Fibre sparks life back into town decimated by slump
Claremorris fights back as it is chosen for investment by enet
A WESTERN town which was decimated by the recession has been chosen as the first 'fibre town' for business.
Claremorris in Co Mayo saw almost a third of businesses close down during the economic slump.
However, the town has now been chosen for a major investment by enet, which will see it become the first 250Mbs fibre broadband town.
Communications Minister Pat Rabbitte will announce the enet investment today in Claremorris.
Enet is the 'open access' network operator, which currently operates and manages the State's fibre-optic infrastructure known as the Metropolitan Area Network or MANs.
And as optimism grows and businesses return to the town, the unveiling of fibre broadband has been welcomed by business owners.
Jimmy Flynn, chairman of Claremorris Chamber of Commerce, said the service would attract more business to the town. He said the chamber secured the service for two large companies three years ago and "they would not have survived here without it".
"Now it will be available to every shop and cafe in the town. This will make our job as a chamber easy, we have a digital motorway into the heart of the town," he said.
Claremorris has begun fighting back, Mr Flynn said, with almost 200 businesses now employing 1,200 people. "We were badly hit by the recession. But a lot of businesses that had closed are reopening.
"Claremorris was always at a geographical disadvantage but this will allow us to compete for start-up companies and small IT companies. It's a significant game changer."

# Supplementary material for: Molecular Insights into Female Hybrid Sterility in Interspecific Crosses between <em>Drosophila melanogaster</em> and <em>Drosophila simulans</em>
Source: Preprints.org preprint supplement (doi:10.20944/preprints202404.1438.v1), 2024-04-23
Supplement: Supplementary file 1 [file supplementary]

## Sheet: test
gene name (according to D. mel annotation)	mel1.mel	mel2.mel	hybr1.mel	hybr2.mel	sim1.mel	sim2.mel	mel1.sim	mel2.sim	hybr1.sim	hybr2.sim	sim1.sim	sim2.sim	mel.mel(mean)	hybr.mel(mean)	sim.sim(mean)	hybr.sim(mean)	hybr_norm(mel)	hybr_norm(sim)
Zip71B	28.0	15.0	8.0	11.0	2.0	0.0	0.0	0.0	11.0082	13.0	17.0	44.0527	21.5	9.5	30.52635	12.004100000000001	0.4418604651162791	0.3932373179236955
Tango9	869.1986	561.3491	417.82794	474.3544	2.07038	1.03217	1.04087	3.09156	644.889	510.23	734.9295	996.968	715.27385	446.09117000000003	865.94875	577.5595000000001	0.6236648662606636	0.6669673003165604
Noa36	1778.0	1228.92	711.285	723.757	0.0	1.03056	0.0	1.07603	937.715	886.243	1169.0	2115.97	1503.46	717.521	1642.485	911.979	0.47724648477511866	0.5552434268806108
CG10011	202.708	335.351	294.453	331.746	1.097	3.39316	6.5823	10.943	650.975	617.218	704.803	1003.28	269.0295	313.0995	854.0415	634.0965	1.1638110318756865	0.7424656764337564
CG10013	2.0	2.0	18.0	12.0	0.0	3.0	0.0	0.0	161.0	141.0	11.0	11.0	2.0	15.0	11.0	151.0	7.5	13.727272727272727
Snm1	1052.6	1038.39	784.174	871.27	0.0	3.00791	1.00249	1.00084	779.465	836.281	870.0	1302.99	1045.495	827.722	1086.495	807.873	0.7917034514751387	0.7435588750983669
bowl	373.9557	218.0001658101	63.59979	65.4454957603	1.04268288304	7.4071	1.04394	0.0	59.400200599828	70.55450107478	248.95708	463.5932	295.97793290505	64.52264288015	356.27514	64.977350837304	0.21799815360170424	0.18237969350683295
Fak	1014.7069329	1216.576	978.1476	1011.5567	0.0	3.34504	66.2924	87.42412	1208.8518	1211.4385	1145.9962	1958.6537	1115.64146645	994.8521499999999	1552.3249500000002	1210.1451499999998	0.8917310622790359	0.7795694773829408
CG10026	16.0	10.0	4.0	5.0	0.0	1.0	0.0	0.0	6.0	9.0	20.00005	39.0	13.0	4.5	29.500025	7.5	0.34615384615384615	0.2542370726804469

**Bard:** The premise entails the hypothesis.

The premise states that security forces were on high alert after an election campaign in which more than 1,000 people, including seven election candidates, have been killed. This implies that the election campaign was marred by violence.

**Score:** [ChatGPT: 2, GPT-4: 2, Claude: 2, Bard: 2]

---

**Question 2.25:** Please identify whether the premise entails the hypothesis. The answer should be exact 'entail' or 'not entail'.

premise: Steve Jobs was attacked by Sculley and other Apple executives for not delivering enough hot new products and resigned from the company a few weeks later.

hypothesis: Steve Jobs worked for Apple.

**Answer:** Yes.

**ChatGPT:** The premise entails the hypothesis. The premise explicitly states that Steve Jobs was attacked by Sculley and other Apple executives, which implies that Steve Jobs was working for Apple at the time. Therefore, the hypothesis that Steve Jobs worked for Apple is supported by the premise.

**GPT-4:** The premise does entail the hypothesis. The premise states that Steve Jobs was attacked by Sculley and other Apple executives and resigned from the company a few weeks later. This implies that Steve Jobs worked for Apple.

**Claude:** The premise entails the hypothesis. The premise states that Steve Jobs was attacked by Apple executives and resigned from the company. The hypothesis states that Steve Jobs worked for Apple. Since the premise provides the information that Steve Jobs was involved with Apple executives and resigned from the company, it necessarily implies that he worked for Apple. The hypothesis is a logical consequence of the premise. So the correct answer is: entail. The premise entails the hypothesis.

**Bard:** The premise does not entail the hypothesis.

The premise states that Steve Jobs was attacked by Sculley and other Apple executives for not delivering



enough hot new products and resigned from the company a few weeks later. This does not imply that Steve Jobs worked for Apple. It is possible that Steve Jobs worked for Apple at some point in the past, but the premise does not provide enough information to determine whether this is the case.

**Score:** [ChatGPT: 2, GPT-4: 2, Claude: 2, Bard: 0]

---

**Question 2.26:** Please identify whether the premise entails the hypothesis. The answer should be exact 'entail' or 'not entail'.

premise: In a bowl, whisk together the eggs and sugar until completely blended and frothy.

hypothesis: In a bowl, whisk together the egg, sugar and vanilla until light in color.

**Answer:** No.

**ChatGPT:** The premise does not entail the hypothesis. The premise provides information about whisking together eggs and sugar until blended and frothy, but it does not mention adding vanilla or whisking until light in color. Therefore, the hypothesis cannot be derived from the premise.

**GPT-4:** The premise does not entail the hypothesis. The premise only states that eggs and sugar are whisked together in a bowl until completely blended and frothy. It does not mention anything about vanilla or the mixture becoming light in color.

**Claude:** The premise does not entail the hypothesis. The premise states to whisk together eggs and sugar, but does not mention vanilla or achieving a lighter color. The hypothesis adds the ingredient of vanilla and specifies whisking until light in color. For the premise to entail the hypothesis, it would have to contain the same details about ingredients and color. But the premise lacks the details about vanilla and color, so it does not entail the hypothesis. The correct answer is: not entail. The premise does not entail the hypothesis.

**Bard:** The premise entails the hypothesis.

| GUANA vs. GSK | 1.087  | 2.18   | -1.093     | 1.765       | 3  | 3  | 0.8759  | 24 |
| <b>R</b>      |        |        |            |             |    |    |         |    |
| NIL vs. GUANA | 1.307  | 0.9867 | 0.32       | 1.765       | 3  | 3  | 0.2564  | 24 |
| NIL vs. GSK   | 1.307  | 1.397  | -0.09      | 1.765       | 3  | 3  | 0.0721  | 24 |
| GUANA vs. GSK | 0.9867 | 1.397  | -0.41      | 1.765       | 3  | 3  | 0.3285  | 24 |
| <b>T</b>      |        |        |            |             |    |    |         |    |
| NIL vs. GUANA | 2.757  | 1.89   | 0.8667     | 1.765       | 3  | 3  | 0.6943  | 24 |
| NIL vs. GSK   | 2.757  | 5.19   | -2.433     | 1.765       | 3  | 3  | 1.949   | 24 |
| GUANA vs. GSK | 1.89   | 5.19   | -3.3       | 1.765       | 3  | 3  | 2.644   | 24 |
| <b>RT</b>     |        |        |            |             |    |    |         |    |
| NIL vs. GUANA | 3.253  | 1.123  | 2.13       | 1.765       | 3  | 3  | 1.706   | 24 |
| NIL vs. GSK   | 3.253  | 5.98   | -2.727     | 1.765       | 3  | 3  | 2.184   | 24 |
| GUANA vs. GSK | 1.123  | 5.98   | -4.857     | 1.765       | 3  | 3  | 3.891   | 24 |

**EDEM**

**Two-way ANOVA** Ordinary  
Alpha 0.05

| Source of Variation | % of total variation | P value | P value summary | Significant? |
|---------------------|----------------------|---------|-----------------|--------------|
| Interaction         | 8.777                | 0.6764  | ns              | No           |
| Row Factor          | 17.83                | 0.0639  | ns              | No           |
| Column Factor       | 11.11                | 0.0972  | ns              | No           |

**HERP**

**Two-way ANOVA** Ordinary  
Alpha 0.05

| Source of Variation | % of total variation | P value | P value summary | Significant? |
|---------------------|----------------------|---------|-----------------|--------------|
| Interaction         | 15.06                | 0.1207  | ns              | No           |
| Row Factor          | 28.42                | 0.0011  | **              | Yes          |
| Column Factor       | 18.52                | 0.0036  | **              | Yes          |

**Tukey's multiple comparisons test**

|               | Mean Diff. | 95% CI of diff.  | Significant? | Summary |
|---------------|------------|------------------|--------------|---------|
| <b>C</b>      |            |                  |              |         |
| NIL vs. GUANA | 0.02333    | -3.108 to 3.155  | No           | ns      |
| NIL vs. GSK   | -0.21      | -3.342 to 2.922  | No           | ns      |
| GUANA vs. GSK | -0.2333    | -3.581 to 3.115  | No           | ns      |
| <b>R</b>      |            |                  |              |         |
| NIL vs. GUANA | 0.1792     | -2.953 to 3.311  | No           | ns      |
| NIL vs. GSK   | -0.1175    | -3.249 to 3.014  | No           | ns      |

While the new service will cost businesses between €70 and €256 a month, they say it has opened up the option of expansion. Mr Flynn said the new service would also allow him to expand his own pharmacy business.
"It will be very, very positive for business. We have been one of the pilot businesses for the past nine months and I've seen first hand how it speeds up business on a daily basis," he said.
Mr Flynn has been able to grow the photo publishing side of his business as a result of the fast speeds which have also increased the efficiency of dealing with the HSE's online payments for pharmacy customers.
James Kean, who runs an electrical, gardening and DIY shop in the town, is also optimistic: "We have a website but not an online presence. We would look at that again now because we will be able to upload and download quickly. A lot of our competitors have online shops and a lot of people are using them, so purchasing power is changing. People still want bricks and mortar but a lot of research is done online and then they go in to buy."
Tony Phelan, who runs an auto parts store, said: "The biggest part of our business has been sourcing parts and that means constantly being online. My staff are rarely off the computer but it can be very frustrating when it stalls, slows down or breaks completely. This will make a major difference to how quickly I can source parts for my clients," he said.
An enet spokesman said the service would be rolled out in other towns: "We are currently engaged with a number of local authorities and business groups to determine where to complete future rollouts."
While enet is the network financier, builder and operator of the project, the networks it operates are 'open access', meaning any telecom operator can use them to offer services.